Russians Flock to Stores to Pre-empt Price Rises

by Nataliya Vasilyeva

Associated Press

Wednesday December 17, 2014

Russian consumers flocked to the stores Wednesday, frantically buying a range of big-ticket items to pre-empt the price rises kicked off by the staggering fall in the value of the ruble in recent days.

As the government considered ways to ease the selling pressure on the ruble, which has slid 15 percent in just two days and raised fears of a bank run, many Russians were buying cars and home appliances - in some cases in record numbers - before prices for these imported goods shoot higher.

The Swedish furniture giant IKEA already warned Russian consumers that its prices will rise Thursday, which resulted in weekend-like crowds at a Moscow store on a Wednesday afternoon.

Shops selling a broad range of items were reporting record sales - some have even suspended operations, unsure of how far down the ruble will sink. Apple, for one, has halted all online sales in Russia.

"This is a very dangerous situation, we are just a few days away from a full-blown run on the banks," Russia's leading business daily Vedomosti wrote in an editorial Wednesday. "If one does not calm down the currency market right now, the banking system will need robust emergency care."

Alyona Korsuntseva, a consumer in her 30s, says the current jitters surrounding the Russian economy reminded her of the 1998 Russian crisis when the ruble tumbled following the government's default on sovereign bonds.

"What's pressuring us is the fact that many people (back then) rushed to withdraw money from bank cards, accounts," she says. "We want to safeguard ourselves so that things wouldn't be as bad they were back then."

Consumers are buying durable goods because Russian stocks are too volatile as an investment and an overwhelming majority of Russians cannot afford to buy land or real estate.

The ruble has suffered catastrophic losses this week as traders fretted over the impact of low oil prices on the Russian economy, as well as the impact of Western sanctions imposed over Russia's involvement in Ukraine's crisis.

After posting fresh losses early Wednesday, the ruble was up and down all day before settling at 3 percent higher at 65 rubles at 4 p.m. Moscow time (1300 GMT).

The ruble even lost ground on Tuesday after a surprise move by Russia's Central Bank to raise its benchmark interest rate to 17 percent from 10.5 percent - a move aimed to make it more attractive for currency traders to hold onto their rubles.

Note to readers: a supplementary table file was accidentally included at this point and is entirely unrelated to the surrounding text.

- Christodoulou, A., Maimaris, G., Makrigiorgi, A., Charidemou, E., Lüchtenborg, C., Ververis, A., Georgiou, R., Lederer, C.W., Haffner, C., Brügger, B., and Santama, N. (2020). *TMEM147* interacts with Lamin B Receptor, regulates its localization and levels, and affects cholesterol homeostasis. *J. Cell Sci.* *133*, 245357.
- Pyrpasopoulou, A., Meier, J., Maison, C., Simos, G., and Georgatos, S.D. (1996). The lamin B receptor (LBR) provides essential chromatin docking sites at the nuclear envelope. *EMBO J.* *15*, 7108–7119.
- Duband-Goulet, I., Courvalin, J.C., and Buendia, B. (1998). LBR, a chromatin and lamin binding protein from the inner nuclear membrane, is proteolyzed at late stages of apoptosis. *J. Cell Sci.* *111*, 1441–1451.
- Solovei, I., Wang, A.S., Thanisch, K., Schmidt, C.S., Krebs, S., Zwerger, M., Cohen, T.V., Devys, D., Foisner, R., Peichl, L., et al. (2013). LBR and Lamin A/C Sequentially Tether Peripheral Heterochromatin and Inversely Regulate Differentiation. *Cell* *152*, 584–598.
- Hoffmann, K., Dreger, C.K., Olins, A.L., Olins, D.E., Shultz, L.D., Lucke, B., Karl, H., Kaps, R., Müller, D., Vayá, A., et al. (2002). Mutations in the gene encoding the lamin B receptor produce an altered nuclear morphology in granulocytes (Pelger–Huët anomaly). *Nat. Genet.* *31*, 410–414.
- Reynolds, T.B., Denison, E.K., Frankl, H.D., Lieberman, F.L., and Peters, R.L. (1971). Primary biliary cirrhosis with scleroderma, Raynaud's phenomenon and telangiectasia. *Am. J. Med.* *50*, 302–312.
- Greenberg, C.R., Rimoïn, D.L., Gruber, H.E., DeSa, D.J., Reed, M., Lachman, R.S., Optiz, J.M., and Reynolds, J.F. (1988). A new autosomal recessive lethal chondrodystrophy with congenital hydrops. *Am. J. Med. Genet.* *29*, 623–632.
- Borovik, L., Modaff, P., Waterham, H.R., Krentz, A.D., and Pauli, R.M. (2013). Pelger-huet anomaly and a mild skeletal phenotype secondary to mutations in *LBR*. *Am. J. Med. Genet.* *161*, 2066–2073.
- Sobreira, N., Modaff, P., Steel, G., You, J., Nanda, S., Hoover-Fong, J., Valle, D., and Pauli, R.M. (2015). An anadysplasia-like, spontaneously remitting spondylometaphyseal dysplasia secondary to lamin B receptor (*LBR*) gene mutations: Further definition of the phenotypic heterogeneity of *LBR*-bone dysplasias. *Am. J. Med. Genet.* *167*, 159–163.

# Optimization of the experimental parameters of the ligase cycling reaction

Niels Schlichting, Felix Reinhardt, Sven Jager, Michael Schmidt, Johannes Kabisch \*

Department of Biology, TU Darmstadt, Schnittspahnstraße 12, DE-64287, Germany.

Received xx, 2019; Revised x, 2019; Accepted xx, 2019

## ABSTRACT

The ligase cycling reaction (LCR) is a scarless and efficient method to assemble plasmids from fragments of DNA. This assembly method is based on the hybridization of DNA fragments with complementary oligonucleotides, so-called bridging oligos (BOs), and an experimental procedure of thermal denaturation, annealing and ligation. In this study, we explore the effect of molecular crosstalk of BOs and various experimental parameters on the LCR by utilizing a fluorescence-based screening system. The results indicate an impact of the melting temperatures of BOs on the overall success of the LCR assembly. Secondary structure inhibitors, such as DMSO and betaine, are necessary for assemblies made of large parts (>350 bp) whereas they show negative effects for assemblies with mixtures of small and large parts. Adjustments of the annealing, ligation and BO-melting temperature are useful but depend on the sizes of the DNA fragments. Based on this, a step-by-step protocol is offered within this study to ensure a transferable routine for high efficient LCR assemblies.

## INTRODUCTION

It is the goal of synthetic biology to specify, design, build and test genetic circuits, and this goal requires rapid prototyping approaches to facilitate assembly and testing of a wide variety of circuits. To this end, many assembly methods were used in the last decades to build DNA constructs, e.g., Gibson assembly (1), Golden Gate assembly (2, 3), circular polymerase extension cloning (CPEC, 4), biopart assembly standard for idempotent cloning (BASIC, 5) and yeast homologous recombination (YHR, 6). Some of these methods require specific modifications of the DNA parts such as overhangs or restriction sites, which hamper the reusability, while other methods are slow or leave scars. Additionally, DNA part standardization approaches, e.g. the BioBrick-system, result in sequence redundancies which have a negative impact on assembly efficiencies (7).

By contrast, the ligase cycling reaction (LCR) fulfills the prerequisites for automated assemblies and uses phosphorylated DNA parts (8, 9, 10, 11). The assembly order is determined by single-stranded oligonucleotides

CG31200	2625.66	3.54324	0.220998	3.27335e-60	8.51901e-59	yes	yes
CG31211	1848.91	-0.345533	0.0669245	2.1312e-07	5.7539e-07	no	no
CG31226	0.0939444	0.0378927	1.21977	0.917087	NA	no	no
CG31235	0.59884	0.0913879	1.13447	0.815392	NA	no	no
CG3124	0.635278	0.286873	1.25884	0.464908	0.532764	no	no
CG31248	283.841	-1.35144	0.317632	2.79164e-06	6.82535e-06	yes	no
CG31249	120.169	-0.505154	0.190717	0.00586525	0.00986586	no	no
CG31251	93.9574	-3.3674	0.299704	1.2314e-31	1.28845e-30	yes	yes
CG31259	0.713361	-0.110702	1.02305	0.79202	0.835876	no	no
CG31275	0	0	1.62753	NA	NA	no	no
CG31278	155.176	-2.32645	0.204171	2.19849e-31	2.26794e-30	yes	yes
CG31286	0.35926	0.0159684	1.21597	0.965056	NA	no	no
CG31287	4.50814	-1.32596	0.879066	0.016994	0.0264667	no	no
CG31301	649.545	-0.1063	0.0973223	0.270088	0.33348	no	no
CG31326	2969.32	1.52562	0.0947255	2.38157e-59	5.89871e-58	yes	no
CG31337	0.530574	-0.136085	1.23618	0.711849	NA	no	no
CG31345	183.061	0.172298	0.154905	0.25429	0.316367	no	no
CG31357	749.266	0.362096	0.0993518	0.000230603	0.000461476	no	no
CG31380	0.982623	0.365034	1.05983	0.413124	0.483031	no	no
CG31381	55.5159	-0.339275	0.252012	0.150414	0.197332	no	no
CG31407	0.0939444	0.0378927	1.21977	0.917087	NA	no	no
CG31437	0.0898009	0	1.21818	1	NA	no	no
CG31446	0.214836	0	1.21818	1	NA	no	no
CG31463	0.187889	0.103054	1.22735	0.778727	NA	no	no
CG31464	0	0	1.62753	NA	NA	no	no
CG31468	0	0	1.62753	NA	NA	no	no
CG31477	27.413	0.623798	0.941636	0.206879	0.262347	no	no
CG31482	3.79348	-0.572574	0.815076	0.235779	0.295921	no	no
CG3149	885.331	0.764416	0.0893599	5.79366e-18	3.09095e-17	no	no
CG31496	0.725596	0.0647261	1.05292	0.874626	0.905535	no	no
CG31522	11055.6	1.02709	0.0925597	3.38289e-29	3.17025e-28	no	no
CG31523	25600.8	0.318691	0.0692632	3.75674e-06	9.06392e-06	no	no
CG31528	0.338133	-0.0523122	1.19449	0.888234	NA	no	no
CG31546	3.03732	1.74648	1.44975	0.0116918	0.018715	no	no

One reason why the ruble advanced Wednesday is that Deputy Finance Minister Alexei Moiseyev was quoted by the Interfax news agency as saying the government is going to sell foreign currency "as much as necessary and as long as necessary." That, the hope is, would relieve the pressure on the ruble, particularly against the dollar.

Prime Minister Dmitry Medvedev hosted a meeting with the heads of Russia's largest exporters and pledged to implement a "package of measures" to stop the decline of the ruble.

Another option available to Russian authorities could be imposing capital controls, but Russia's Economic Development Minister Alexei Ulyukayev has denied that the government is considering doing so. However, he said the Central Bank rate hike came too late.

Russian officials, meanwhile, have sought to project a message of confidence on state television, dwelling on the advantages of ruble devaluation, such as a boost to domestic manufacturing.

Whatever happens with the ruble, the Russian economy is set to shrink next year by 0.8 percent even if oil prices stay above $80 per barrel. With oil prices now below $60, there are fears the Russian economy could contract by up to 5 percent.

The ruble could come under further pressure this week as President Barack Obama is expected to sign legislation authorizing new economic sanctions against Russia.

The German government's coordinator for relations with Russia, Gernot Erler, said the economic crisis in Russia was largely the result of the drop in oil prices, not the sanctions imposed by the West.

"It's an illusion to think that if the sanctions were to fall away tomorrow, the Russian economy would suddenly be all right again," Erler told rbb-Inforadio on Wednesday.


Vladimir Kondrashov in Moscow and Frank Jordans in Berlin contributed to this report from Berlin.

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